Introduction: Wall Street Lessons from Bubbles
The credit crisis that began to unfold in the United States and Europe in 2006 contains a treasure trove of lessons for risk managers that we have tried to incorporate into this book. Since we have each worked in Japan, we felt strongly that the collapse of the Japanese bubble, which peaked in late 1989, contained equally useful lessons for risk managers. As you’ll note in the “key fallacies in risk management” discussed below, many ignored the lessons of the Japanese bubble because of the common fallacy that “if it hasn’t happened to me yet, it won’t happen to me, even if it’s happened to someone else.”
Now that the United States and much of Europe are experiencing the collapse of a bubble much like that which burst in Japan, the lessons from each of these bubbles seem much more relevant to risk managers around the world.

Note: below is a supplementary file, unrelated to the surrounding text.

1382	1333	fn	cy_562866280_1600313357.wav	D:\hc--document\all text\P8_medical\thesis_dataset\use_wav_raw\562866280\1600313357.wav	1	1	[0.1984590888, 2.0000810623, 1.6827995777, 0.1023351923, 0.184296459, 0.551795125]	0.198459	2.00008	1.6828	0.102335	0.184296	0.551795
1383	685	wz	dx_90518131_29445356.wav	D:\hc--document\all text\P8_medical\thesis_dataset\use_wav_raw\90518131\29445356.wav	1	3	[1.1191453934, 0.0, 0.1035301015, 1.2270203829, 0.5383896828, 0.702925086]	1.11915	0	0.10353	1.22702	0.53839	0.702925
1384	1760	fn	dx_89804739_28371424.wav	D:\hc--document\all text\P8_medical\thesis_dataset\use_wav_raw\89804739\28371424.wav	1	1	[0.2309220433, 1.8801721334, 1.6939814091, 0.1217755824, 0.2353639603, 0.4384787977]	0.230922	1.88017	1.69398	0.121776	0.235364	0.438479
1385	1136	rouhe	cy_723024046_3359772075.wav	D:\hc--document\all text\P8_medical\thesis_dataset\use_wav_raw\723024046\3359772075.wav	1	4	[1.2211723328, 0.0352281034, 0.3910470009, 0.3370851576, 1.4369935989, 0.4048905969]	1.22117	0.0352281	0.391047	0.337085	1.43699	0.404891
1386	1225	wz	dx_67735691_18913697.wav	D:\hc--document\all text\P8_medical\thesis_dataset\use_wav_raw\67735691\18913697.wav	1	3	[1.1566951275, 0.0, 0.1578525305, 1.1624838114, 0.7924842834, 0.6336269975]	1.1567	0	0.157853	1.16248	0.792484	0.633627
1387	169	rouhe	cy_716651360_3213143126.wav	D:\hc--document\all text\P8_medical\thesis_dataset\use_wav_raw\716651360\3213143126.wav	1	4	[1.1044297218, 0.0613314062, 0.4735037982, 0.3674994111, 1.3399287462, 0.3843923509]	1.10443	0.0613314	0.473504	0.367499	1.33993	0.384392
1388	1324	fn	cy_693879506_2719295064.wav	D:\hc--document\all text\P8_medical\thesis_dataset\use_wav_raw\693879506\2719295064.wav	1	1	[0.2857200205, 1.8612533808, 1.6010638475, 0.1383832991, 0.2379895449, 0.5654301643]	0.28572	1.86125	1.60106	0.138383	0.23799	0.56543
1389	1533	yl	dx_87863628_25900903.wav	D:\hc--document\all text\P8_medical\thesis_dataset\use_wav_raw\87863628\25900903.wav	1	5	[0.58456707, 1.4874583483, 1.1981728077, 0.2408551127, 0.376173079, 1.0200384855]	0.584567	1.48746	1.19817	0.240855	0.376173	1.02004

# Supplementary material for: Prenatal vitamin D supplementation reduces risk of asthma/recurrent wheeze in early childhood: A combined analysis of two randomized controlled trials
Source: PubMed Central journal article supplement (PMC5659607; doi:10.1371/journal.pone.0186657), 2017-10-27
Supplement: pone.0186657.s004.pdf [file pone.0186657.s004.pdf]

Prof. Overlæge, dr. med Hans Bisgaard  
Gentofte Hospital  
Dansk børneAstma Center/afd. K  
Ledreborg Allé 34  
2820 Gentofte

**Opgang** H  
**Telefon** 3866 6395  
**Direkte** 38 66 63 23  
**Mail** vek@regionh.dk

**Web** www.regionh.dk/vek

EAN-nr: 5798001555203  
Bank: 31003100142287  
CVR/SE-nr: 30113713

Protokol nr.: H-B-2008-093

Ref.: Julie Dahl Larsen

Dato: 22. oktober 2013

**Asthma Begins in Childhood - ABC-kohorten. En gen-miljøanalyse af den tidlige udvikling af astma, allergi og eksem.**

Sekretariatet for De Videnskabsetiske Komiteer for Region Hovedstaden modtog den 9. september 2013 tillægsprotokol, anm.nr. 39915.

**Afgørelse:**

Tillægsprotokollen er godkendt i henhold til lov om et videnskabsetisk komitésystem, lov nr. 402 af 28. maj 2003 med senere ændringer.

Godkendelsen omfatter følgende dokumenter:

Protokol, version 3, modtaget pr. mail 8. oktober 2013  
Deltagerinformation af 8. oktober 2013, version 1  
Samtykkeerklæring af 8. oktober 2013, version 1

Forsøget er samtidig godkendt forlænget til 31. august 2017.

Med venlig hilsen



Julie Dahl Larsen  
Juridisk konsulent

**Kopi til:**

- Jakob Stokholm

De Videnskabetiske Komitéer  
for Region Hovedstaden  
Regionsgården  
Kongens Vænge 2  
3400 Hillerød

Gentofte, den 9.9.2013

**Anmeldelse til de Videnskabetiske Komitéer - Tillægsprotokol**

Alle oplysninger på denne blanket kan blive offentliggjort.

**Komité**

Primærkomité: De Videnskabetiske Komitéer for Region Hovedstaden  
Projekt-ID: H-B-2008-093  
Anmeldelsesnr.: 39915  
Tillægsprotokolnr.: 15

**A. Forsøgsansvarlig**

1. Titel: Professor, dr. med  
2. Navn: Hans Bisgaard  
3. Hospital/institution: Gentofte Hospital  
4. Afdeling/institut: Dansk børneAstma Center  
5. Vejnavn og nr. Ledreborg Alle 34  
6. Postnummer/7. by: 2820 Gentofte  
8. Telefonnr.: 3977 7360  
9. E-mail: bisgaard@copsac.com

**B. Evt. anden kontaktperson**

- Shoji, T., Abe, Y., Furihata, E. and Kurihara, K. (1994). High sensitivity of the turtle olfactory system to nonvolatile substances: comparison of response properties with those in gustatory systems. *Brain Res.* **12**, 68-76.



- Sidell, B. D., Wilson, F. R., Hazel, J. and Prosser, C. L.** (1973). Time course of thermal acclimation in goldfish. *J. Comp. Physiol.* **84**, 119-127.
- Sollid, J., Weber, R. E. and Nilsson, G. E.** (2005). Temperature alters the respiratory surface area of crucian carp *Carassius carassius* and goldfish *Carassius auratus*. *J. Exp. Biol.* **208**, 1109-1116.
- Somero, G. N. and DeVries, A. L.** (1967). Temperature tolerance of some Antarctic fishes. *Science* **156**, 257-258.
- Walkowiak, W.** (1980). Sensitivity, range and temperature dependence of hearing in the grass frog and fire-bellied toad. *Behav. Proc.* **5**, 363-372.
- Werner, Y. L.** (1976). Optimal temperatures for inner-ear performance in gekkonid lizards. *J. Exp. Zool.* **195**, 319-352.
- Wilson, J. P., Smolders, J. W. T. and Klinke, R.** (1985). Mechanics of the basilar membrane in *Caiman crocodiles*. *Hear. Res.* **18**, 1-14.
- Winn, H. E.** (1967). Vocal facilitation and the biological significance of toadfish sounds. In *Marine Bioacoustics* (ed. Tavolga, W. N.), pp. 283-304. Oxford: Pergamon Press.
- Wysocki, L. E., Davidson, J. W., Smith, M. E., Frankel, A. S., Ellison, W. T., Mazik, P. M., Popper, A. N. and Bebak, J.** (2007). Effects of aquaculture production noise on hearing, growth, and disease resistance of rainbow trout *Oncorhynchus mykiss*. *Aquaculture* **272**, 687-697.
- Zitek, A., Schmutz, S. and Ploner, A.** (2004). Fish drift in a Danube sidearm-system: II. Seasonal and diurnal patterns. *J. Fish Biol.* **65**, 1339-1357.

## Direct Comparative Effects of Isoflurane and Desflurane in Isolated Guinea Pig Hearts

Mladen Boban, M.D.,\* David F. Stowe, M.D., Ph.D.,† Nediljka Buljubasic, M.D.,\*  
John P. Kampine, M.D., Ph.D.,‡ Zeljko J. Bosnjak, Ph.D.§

We have worked hard in the second edition of this book to severely de-emphasize the discussion of financial models that are obviously inaccurate, misleading, or clearly inferior to another modeling approach. We make this judgment on the basis of cold hard facts (via model testing) or because of assumptions that are known to be false. The list of models that failed under the duress of the credit crisis is a long one, and we make no apologies for reflecting those failures in this book. We’ve also worked hard to explain which models performed well during the credit crisis. Again, we base that judgment on model testing ...